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Conservative columnist can’t mourn Nimoy’s death because Spock reminds him of Obama

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The editor in chief of the conservative Washington Free Beacon published a column today in which he outlined why he felt “apathetic” about the passing of Leonard Nimoy — his iconic character, Spock, reminds him too much of President Barack Obama.

Matthew Continetti opened his column by noting that the president himself drew the comparison, writing “I loved Spock. Cool, logical, big-eared, and level headed, the center of Star Trek‘s optimistic, inclusive vision of humanity’s future.”

“As I thought more about the president’s statement,” Continetti wrote, “I realized he identifies with the very aspects of the Spock character that most annoy me. I don’t love Spock at all.”

“Not only do Spock’s peacenik inclinations routinely land the Enterprise and the Federation into trouble, his ‘logic’ and ‘level head’ mask an arrogant emotional basket case…Spock spends most of his life as a freelancing diplomat eager to negotiate with the worst enemies of Starfleet. He’s the opposite of a role model: a cautionary tale.”

After outlining the many decisions made by Spock in the original series, the movies based on it, and The Next Generation, Continetti turned his attention to the new film franchise, which is “an enjoyable picture that is revealing of Spock’s awfulness.”

“It shows how Spock is tormented, physically and mentally, by the fact that his mother is human, how Mr. Logic is actually a boiling kettle of fury, resentment, passion, and ambition. Spock is a jerk to his girlfriend Uhura, who is way out of his league. He almost kills Kirk. He is so overcome with emotion he relieves himself from duty in the middle of a huge crisis. Spock is rude to his father.”

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He then asks, “and Obama likes this selfish jerk? The coolness the president so appreciates in Spock is a thin veneer over a remarkably arrogant and off-putting detachment from human suffering.”

“What Leonard Nimoy’s death revealed,” Continetti wrote, “is that there is a sizable portion of Trek fans, and of nerds in general, that identifies with Spock’s neuroses, his hang-ups, his self-loathing, that are attracted to the cold soulless abstractions through which he views life, who believe in the naïve and ineffective diplomacy in which he so thoughtlessly and recklessly and harmfully engages.”

“It will take America some time to recover from the legacy of our Spock-loving president,” he concluded.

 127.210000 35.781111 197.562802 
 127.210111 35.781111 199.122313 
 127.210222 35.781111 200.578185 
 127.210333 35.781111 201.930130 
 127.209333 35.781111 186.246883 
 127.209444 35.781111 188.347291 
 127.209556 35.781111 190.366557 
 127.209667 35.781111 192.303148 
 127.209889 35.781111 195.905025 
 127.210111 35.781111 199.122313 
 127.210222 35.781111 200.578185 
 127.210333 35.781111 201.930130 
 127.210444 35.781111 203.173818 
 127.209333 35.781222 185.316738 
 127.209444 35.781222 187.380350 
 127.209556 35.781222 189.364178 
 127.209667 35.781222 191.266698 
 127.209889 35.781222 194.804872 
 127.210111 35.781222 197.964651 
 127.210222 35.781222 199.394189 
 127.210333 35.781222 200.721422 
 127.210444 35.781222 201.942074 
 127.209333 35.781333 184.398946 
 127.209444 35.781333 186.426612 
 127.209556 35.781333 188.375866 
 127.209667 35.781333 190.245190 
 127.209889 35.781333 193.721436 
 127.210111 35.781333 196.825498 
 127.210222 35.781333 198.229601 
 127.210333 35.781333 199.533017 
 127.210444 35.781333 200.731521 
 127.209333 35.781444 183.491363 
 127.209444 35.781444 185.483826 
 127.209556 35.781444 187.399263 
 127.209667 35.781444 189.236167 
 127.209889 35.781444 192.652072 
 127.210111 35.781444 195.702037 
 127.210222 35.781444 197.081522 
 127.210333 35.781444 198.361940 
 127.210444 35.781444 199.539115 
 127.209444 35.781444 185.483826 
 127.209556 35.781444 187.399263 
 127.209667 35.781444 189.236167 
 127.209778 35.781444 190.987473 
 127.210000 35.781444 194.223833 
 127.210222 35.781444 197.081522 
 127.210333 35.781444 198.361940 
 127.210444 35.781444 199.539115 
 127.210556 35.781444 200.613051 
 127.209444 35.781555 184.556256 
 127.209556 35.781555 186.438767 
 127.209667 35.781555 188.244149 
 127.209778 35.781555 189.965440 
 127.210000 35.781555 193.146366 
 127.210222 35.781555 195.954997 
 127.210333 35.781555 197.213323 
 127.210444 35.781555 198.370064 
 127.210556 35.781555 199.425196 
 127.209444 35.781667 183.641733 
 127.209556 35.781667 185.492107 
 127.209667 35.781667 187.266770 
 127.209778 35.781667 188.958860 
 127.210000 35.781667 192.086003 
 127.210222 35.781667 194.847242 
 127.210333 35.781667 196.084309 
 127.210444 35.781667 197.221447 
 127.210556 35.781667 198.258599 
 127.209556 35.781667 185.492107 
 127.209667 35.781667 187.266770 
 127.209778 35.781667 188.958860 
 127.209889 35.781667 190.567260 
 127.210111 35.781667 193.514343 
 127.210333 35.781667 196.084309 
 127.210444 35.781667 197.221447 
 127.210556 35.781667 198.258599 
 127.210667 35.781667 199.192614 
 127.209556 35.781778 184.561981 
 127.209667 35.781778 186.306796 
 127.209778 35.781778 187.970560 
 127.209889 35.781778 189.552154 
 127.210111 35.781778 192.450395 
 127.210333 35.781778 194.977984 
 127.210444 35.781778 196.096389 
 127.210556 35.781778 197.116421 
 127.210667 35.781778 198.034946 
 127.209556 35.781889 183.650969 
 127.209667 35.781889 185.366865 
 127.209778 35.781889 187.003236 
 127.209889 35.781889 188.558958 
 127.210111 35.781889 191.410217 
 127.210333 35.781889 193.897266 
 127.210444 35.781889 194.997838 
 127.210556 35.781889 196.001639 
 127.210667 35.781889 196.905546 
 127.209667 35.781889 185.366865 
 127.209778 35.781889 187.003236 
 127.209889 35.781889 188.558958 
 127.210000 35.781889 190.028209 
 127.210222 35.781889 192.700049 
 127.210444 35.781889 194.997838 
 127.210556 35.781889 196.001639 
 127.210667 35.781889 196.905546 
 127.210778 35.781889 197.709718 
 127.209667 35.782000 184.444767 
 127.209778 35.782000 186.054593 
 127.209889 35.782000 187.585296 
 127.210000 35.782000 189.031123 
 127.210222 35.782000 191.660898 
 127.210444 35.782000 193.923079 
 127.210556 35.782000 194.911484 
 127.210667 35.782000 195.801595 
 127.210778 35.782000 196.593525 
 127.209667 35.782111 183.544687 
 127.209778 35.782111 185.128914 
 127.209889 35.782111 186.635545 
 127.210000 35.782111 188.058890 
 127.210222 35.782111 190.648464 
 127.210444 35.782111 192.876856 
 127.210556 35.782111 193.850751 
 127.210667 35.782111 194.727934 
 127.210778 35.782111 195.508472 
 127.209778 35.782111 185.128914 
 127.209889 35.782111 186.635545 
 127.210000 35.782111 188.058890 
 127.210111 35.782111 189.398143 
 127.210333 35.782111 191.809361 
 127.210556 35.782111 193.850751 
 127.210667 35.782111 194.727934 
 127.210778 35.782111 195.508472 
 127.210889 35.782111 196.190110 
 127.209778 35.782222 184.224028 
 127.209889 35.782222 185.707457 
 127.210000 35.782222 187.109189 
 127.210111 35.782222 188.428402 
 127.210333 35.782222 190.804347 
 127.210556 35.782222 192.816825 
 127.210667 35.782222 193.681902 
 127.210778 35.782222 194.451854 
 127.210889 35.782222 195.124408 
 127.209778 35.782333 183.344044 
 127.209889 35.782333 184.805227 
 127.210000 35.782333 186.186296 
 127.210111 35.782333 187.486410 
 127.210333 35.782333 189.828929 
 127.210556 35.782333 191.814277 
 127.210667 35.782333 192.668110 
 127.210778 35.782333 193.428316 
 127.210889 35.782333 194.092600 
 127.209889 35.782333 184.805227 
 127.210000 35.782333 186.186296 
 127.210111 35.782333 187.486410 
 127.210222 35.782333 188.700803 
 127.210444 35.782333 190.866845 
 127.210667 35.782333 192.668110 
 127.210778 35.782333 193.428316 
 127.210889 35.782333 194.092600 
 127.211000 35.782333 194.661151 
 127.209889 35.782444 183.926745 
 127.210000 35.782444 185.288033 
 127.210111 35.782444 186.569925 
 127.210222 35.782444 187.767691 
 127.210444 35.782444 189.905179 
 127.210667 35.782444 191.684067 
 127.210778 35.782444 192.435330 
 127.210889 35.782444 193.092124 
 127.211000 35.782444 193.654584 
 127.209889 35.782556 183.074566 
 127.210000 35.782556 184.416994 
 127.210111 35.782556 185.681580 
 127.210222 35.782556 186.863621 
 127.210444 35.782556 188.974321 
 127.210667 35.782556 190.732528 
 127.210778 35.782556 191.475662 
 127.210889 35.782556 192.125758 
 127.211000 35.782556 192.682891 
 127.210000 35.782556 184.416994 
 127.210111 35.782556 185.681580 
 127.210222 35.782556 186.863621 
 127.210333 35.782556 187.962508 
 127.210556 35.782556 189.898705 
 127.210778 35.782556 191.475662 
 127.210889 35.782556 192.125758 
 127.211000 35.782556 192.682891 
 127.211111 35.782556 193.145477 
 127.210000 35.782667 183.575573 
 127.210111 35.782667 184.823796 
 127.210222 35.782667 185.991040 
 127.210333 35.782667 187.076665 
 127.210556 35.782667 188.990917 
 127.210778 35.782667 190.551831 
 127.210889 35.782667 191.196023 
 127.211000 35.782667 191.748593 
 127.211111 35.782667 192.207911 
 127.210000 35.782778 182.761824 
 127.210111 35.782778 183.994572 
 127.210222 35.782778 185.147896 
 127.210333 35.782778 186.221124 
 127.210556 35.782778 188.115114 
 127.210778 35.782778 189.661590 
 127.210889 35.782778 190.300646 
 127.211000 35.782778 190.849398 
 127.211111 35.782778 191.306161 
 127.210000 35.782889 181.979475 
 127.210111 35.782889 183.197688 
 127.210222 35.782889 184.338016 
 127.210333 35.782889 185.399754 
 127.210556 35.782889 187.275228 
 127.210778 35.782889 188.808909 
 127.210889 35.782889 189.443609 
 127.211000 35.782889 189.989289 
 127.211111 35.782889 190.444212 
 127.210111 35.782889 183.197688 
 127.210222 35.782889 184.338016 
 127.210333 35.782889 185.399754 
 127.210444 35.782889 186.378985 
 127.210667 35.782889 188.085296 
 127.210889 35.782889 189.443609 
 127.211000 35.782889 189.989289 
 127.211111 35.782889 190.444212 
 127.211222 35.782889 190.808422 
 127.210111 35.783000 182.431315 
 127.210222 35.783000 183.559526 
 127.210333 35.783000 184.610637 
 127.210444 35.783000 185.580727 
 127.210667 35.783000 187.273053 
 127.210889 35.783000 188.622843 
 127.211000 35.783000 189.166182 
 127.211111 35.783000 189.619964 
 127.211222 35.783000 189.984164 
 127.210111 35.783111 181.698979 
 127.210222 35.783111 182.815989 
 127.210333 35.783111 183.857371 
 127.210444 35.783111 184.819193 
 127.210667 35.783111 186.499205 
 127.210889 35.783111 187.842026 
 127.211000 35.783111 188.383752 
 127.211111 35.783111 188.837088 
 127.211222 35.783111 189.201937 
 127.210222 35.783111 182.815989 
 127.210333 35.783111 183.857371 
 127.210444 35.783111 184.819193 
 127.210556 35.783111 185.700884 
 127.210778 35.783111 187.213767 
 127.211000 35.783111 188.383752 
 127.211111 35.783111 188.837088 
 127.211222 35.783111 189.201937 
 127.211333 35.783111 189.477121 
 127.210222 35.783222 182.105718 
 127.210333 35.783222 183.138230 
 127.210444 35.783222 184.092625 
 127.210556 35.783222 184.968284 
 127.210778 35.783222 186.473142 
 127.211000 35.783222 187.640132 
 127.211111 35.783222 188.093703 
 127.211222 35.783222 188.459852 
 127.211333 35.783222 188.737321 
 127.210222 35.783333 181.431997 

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Trump fires his pollsters after campaign leaks show him losing in 11 battleground states

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President Donald Trump is reportedly cutting ties with some of his pollsters after leaks from his campaign showed him losing in some battleground states.

NBC reported on Sunday that the firings came after someone leaked polls that indicated Trump is losing to Democratic presidential candidate Joe Biden in 11 battleground states.

"A separate person close to the Trump re-election team told NBC News Saturday that the campaign will be cutting ties with some of its pollsters in response to the information leaks, although the person did not elaborate as to which pollsters would be let go," the report said.

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Trump boasts voters will ‘demand’ he remain president after his second term ends in bonkers tweetstorm

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In yet another attack on the New York Times and the Washington Post, Donald Trump suggested Americans will "demand" he stay on president after his second term concludes.

Taking to Twitter, Trump wrote, "A poll should be done on which is the more dishonest and deceitful newspaper, the Failing New York Times or the Amazon (lobbyist) Washington Post! They are both a disgrace to our Country, the Enemy of the People, but I just can’t seem to figure out which is worse? ."

He then added, "The good news is that at the end of 6 years, after America has been made GREAT again and I leave the beautiful White House (do you think the people would demand that I stay longer? KEEP AMERICA GREAT), both of these horrible papers will quickly go out of business & be forever gone!"

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A historian explains why 2019 marks the beginning of the next 74-year cycle of American history

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A century ago, historian Arthur Schlesinger, Sr. argued that history occurs in cycles. His son, Arthur Schlesinger, Jr., furthered this theory in his own scholarship. As I reflect on Schlesinger’s work and the history of the United States, it seems clear to me that American history has three 74-year-long cycles. America has had four major crisis turning points, each 74 years apart, from the time of the Constitutional Convention of 1787 to today.

The first such crisis occurred when the Founding Fathers met in Philadelphia in 1787 to face the reality that the government created by the Articles of Confederation was failing. There was a dire need for a new Constitution and a guarantee of a Bill of Rights to save the American Republic. The founding fathers, under the leadership of George Washington, were equal to the task and the American experiment successfully survived the crisis.

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